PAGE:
History of La Salle

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Founded in 1863, during the Civil War, the history of La Salle is interwoven with the history of the City of Philadelphia. La Salle’s rich past revolves in many ways around the story of the immigrant Catholic community that helped transform the United States.

For more than 150 years, the Brothers and their Lasallian partners have made a major contribution to the development of young people from different backgrounds and traditions.

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Invited by Bishop Neumann in the mid-19th century, the Brothers were placed in charge of the boys’ department of two parish schools, Assumption and St. Peter’s. Five years later, St. Michael’s was added to the roster.

St. Michael’s boys’ department became one of the centerpieces of Lasallian education in the city. Neumann regarded the Brothers’ commitment to educating children from underserved backgrounds as crucial for the future of the church and society.

Brother Teliow Fackeldey

Brother Teliow Fackeldey, FSC

First President of La Salle College

In 1863, after the Brothers had demonstrated success in administering their parish schools, Bishop James Frederic Wood, Neumann’s successor, approached them about expanding and opening a college for Catholic young men.

In 1862, Wood asked the Prussian-born Brother Teliow Fackeldey, FSC, to establish a high school (initially named Christian Brothers’ High School and later renamed La Salle College High School) to serve the community.

The Commonwealth of Pennsylvania, in 1863, granted a charter for a collegiate department. At this pivotal time in U.S. history, La Salle College was born.

Since then, the history of La Salle is one of adaptation to a changing church and changing society. In the early decades of its history, the College served its students by providing academic and professional preparation. By the 1920’s, applied studies such as industrial drawing, engineering, and medical school preparation were added to the curriculum.

Social and economic forces, including the Great Depression and two World Wars, caused unpredictable changes in student enrollment, financial stability, and at times concerns about survival. With the end of World War II, an influx of war veterans entered the College, beginning a long period of growth.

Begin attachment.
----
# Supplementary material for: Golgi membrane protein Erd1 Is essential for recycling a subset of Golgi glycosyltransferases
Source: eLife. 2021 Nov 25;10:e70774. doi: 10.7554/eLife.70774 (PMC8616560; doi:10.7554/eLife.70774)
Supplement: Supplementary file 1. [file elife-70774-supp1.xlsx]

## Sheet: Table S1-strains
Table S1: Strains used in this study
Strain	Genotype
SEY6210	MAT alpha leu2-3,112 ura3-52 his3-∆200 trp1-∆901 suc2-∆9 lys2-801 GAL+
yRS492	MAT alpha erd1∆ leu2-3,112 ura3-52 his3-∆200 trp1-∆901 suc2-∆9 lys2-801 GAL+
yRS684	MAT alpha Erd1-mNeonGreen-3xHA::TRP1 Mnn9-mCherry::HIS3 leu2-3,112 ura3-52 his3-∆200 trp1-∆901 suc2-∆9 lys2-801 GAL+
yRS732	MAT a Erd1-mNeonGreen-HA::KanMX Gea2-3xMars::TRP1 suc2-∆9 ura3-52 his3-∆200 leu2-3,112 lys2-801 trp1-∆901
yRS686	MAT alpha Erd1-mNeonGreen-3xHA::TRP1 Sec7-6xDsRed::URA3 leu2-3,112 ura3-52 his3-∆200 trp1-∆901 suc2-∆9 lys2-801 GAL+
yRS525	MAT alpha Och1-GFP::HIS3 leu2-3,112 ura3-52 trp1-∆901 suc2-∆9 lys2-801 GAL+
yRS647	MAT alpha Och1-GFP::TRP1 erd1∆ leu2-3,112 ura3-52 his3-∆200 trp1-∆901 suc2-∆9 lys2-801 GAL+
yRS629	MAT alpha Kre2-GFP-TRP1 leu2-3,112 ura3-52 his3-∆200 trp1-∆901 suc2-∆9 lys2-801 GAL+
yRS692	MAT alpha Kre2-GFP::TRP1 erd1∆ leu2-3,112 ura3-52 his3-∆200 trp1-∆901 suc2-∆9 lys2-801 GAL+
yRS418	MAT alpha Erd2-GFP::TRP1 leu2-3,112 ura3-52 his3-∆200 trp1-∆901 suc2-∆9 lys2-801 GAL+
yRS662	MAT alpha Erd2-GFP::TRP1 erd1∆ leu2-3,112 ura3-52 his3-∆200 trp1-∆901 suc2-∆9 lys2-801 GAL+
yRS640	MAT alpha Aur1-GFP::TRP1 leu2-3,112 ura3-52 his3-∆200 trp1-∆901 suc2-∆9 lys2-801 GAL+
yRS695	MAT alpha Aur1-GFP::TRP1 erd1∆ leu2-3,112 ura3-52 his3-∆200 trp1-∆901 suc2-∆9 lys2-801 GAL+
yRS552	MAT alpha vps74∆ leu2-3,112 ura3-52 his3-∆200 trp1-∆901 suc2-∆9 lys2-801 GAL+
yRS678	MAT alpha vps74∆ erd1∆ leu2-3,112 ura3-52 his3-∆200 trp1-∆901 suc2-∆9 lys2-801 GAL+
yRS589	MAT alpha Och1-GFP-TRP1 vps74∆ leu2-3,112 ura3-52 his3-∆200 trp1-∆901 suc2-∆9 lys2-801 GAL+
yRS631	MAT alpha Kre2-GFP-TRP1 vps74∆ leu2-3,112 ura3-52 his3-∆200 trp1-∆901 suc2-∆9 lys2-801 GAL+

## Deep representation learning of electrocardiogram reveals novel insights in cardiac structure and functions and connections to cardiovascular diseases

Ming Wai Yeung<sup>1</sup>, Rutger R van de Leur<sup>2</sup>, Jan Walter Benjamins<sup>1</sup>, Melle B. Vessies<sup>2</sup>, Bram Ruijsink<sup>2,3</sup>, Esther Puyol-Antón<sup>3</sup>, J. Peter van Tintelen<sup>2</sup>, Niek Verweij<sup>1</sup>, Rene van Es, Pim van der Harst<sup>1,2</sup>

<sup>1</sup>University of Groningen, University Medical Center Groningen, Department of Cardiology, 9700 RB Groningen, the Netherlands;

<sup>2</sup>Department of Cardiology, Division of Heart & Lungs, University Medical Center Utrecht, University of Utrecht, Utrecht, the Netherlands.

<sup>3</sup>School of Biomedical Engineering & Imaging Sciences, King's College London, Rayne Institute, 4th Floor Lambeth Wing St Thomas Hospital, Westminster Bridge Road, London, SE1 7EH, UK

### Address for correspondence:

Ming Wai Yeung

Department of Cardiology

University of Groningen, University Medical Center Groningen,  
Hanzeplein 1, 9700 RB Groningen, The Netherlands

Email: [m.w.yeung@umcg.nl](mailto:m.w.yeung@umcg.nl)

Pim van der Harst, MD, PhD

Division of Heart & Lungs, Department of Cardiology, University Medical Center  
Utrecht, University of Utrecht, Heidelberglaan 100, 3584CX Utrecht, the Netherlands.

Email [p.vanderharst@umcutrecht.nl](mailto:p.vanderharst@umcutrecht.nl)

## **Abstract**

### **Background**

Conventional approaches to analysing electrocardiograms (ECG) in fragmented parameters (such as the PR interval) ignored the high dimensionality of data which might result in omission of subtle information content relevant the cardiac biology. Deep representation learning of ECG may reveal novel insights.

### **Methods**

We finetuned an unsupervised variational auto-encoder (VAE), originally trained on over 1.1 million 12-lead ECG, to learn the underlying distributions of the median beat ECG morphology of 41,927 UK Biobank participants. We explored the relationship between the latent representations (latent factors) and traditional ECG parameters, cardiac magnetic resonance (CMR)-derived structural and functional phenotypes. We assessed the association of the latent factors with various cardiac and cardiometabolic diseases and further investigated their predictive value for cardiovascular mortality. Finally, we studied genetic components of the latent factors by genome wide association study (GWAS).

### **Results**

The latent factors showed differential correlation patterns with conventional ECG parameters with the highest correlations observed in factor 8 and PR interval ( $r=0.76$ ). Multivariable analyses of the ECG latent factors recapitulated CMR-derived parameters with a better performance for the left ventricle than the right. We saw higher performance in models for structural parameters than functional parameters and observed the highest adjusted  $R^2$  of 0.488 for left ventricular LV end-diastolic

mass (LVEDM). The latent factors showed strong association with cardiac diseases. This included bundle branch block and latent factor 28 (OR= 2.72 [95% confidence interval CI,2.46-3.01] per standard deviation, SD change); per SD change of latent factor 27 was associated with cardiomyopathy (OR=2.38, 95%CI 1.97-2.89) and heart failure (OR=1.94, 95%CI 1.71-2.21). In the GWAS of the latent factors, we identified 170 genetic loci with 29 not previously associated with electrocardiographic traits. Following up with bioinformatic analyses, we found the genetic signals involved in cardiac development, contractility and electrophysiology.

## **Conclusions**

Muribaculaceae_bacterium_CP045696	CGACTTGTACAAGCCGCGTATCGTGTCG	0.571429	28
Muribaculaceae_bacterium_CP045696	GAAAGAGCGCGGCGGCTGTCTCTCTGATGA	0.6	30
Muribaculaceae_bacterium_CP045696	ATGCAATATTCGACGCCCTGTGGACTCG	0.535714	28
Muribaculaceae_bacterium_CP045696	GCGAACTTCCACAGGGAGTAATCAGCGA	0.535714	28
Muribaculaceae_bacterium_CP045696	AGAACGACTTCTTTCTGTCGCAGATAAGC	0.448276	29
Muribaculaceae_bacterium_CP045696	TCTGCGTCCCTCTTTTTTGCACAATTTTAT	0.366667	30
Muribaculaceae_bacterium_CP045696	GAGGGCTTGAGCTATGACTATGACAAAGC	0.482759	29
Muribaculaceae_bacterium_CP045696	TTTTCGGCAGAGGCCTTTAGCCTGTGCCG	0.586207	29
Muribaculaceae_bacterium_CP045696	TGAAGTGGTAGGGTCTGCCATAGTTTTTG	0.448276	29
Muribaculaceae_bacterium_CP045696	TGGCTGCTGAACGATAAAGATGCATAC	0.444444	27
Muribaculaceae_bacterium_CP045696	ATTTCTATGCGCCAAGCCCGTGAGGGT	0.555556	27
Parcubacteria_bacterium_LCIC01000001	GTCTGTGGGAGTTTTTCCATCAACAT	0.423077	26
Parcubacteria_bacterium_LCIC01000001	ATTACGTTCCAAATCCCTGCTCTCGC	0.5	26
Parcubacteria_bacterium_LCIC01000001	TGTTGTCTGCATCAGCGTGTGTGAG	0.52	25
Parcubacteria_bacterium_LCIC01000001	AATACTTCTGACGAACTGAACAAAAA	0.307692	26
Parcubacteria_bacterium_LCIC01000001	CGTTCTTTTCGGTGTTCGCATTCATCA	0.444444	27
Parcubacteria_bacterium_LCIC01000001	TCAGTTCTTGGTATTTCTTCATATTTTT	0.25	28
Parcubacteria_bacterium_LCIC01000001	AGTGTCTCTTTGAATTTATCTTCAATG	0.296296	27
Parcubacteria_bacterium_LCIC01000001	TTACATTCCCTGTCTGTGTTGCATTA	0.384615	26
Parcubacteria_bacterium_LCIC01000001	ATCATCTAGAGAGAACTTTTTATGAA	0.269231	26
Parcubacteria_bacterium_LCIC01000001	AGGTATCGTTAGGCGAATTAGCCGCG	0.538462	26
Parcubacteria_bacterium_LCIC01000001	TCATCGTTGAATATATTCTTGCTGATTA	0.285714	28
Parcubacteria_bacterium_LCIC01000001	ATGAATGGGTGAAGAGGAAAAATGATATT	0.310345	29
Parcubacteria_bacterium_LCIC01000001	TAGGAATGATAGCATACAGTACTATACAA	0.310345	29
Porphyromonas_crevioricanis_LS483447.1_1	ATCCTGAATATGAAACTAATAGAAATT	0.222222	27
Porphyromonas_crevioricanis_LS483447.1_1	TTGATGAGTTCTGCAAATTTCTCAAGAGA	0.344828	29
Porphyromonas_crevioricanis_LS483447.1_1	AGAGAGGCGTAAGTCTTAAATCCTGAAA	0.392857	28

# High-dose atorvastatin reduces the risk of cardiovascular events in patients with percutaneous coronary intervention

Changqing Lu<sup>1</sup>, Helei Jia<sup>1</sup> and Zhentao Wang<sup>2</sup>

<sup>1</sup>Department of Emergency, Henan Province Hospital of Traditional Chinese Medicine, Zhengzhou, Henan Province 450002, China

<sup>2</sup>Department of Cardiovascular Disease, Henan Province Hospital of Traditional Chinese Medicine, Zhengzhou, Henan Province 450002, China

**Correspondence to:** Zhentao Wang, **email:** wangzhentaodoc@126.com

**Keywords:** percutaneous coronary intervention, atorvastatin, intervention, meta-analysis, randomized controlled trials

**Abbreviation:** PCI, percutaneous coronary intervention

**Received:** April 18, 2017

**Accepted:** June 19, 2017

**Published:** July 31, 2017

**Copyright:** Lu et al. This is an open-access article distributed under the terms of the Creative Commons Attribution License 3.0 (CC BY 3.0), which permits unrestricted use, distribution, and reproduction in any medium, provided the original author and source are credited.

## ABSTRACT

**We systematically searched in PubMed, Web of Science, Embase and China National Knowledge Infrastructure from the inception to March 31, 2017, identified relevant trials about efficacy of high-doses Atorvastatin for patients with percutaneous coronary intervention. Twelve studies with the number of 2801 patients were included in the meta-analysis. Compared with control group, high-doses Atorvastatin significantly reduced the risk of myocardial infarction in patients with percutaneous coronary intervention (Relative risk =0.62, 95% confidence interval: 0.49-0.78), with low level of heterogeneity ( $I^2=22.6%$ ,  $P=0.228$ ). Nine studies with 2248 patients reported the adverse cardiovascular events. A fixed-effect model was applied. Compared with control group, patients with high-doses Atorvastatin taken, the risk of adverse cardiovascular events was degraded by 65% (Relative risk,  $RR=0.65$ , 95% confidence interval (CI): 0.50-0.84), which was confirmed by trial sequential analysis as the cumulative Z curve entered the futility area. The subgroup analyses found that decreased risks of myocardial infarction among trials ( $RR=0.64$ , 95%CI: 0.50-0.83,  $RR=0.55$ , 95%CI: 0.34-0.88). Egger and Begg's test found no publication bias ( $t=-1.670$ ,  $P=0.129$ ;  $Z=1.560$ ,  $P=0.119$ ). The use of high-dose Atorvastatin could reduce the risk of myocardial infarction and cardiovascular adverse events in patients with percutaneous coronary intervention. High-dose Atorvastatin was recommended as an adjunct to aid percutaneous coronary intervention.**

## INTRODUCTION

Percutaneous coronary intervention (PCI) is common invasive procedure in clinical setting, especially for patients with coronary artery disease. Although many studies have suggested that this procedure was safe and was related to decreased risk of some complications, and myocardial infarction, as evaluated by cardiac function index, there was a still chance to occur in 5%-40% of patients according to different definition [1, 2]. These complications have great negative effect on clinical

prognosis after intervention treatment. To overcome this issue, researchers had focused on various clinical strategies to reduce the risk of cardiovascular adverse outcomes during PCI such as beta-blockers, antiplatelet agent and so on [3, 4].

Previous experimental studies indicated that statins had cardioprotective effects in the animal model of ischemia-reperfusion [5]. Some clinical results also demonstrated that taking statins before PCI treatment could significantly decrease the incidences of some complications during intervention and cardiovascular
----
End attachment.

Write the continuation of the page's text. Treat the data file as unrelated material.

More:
This enrollment increase, along with campus expansion, was enhanced by the creation of the Evening Division, the School of Business Administration (now School of Business), and the shift to co-education.

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In 1984, the College achieved university status. Since then, a School of Nursing and Health Sciences was founded, the number of graduate programs has increased, and three doctoral programs were created. La Salle values its liberal arts tradition and professional studies. The University is organized into Schools of Arts and Sciences, Business, and Nursing and Health Sciences.

Residence halls first opened in the 1950’s. The completion of the Connelly Library, the purchase of the South Campus from the Sisters of St. Basil the Great, and the development of a satellite campus in Newtown, Bucks County, were major physical milestones of the late 1980’s and 1990’s.

A substantial campus expansion began in 2006, extending the western boundary of the main campus and enlarging the footprint to approximately 140 acres. Our newest building, Founders’ Hall, was officially opened in January of 2016 and is the home of the School of Business.

Colleen M. Hanycz, Ph.D.

Colleen M. Hanycz, Ph.D.

29th President of La Salle University

In February 2015, the Board of Trustees selected Dr. Colleen Hanycz to serve as the 29th President of La Salle University, the first person to serve permanently in the position who was not a Brother of the Christian Schools.